The website for the National ICT R&D Fund states that its mission is “To transform Pakistan’s economy into a knowledge based economy by promoting efficient, sustainable and effective ICT initiatives through synergic development of industrial and academic resources.” For the past five years, the fund has backed domestic IT projects in education, health, and technology development, including some dubious projects in biometrics and other supposed security measures.
It is deeply ironic that the National ICT R&D Fund’s purported purpose is “to transform Pakistan’s economy into a knowledge based economy,” yet it calls for proposals for a project that is itself inherently backward and draconian. A national blocking and filtering system would thrust the entire society into a tailspin of repression that would do immeasurable damage to the economy. More importantly, this automated censorship regime would violate the human right to free expression and access to knowledge.
It’s clear that the authorities behind these institutions simply do not comprehend the massive socio-economic costs this would have on Pakistan. As Bolo Bhi wrote in their press statement: “At a time when we as a country are struggling to counter a popular narrative about us, further limiting the sphere would portray us as a grim totalitarian state, which is simply untrue.” If the government of Pakistan ever hopes to catch up as a hub of innovation and re-emerge into the international realm as a modern democratic nation, a repressive censorship program restraining Pakistani expression would not be the place to begin.
Ahead of the Academy Awards this weekend, Chris Dodd, head of the Motion Picture Association of America, would like to assure you that "Hollywood is pro-technology and pro-Internet." But what does that mean? The comments filed at the Copyright Office this month by MPAA and RIAA, together with the Business Software Alliance, the Entertainment Software Association, and other copyright owners' groups, paint a clear picture of these groups' vision for the future of the Internet and digital technologies.
EFF is asking the Copyright Office for legal exemptions to the Digital Millennium Copyright Act to allow jailbreaking (or "rooting") of smartphones, tablets, and game consoles, so that people can run their software of choice on the devices they own. EFF is also asking for exemptions that will allow noncommercial video remixers to use video clips from DVDs and online video services. Other organizations are asking for exemptions for various forms of digital video, accessibility for the disabled, and other important projects. Under the DMCA, exemptions expire every three years, and have to be justified all over again. Many of you sent comments and signed petitions in support of EFF's exemption requests, and the Copyright Office received almost 700 comments.
MPAA and friends don't approve of a single one of the exemption requests. "The risk associated with encouraging people to circumvent and test the limits of fair use is too high," they say, and the makers of computing devices should be able to stop "unintended uses" of their products. In fact, say the entertainment lobbies, giving you the ability to modify your own devices for your own use will "wreak havoc" on "markets for consumer access to works."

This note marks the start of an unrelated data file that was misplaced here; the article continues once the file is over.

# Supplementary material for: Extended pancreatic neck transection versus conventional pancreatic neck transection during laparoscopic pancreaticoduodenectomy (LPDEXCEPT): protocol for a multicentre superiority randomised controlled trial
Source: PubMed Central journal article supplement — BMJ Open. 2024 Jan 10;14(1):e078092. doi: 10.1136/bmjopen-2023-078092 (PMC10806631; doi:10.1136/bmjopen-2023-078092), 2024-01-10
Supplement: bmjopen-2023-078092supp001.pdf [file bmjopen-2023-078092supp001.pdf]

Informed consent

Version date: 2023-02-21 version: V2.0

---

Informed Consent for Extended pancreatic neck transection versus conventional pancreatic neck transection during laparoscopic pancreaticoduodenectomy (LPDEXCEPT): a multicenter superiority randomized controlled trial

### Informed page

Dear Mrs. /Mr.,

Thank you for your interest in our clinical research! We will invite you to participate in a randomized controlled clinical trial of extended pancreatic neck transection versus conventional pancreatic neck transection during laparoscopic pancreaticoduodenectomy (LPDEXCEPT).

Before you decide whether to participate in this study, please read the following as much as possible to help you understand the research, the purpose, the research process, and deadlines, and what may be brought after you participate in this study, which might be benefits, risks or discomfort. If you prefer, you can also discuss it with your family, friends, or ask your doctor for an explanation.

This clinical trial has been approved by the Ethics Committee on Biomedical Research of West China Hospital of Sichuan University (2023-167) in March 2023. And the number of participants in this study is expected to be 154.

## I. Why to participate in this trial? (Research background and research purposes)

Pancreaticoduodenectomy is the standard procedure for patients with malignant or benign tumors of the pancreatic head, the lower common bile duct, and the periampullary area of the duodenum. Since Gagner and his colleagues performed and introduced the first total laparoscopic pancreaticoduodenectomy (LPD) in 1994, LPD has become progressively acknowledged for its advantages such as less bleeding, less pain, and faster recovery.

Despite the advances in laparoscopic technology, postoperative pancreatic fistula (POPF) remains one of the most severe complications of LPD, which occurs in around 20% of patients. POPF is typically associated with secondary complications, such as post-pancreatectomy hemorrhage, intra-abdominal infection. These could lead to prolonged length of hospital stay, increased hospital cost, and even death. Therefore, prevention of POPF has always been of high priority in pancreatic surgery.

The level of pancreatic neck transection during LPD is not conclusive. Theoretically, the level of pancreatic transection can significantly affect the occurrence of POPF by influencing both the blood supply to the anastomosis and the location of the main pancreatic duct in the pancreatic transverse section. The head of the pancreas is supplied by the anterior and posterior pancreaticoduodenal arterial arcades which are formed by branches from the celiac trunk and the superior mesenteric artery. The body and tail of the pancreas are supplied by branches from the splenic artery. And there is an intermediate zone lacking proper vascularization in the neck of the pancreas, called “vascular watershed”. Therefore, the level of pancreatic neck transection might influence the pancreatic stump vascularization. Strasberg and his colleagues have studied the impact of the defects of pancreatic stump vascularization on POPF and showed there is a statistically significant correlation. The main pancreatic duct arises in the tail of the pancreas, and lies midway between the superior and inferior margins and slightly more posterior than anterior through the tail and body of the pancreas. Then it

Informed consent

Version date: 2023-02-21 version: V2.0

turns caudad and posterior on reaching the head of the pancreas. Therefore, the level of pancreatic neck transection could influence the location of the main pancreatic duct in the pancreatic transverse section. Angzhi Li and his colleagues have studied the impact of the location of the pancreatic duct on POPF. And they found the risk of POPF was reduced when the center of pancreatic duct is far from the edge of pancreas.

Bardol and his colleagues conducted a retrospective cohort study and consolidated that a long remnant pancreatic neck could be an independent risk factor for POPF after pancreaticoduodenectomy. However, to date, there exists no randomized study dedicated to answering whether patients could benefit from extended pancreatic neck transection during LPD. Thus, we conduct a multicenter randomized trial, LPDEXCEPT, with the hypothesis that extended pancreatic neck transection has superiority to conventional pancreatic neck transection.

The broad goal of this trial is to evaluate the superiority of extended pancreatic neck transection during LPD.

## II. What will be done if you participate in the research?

Let's unpack this. Almost everything we do on the Internet or with digital media makes a copy—even viewing a webpage. In many cases, the fair use rule of copyright law is what keeps these everyday activities from being copyright violations. But proving definitively that a use is fair often requires a courageous artist or entrepreneur to go to court and risk massive penalties for the chance of having a judge say that what they're doing is legal. According to the entertainment lobbies, the U.S. government should not encourage people to do this.
Ironically, most of the devices that let us create and experience movies, music, software, and so on "test the limits of fair use"—and many have wound up in court. If this were discouraged, we may never have had the VCR, the MP3 player, the digital video recorder, image-searching websites, or social networks—at least not without asking the entertainment industries' permission first.
And speaking of permission, MPAA regrets that "the Copyright Office missed an opportunity to endorse" the custom of "asking permission" before innovating.
So what should the Copyright Office be doing? MPAA et al. humbly suggest that the Office should be protecting the "ongoing viability of business models" that create "predictability with respect to how works will be accessed and how copyrighted software and technologies used to facilitate such access will be used and manipulated." You won't find that in any law, although it sounds a lot like the goals of the now-defunct SOPA and PIPA bills. Again, let's look behind the euphemisms: the entertainment lobbies want the U.S. government to protect their members' bottom lines by regulating how digital technologies can be used. Only uses that receive Hollywood's permission, and are "predictable," should pass muster.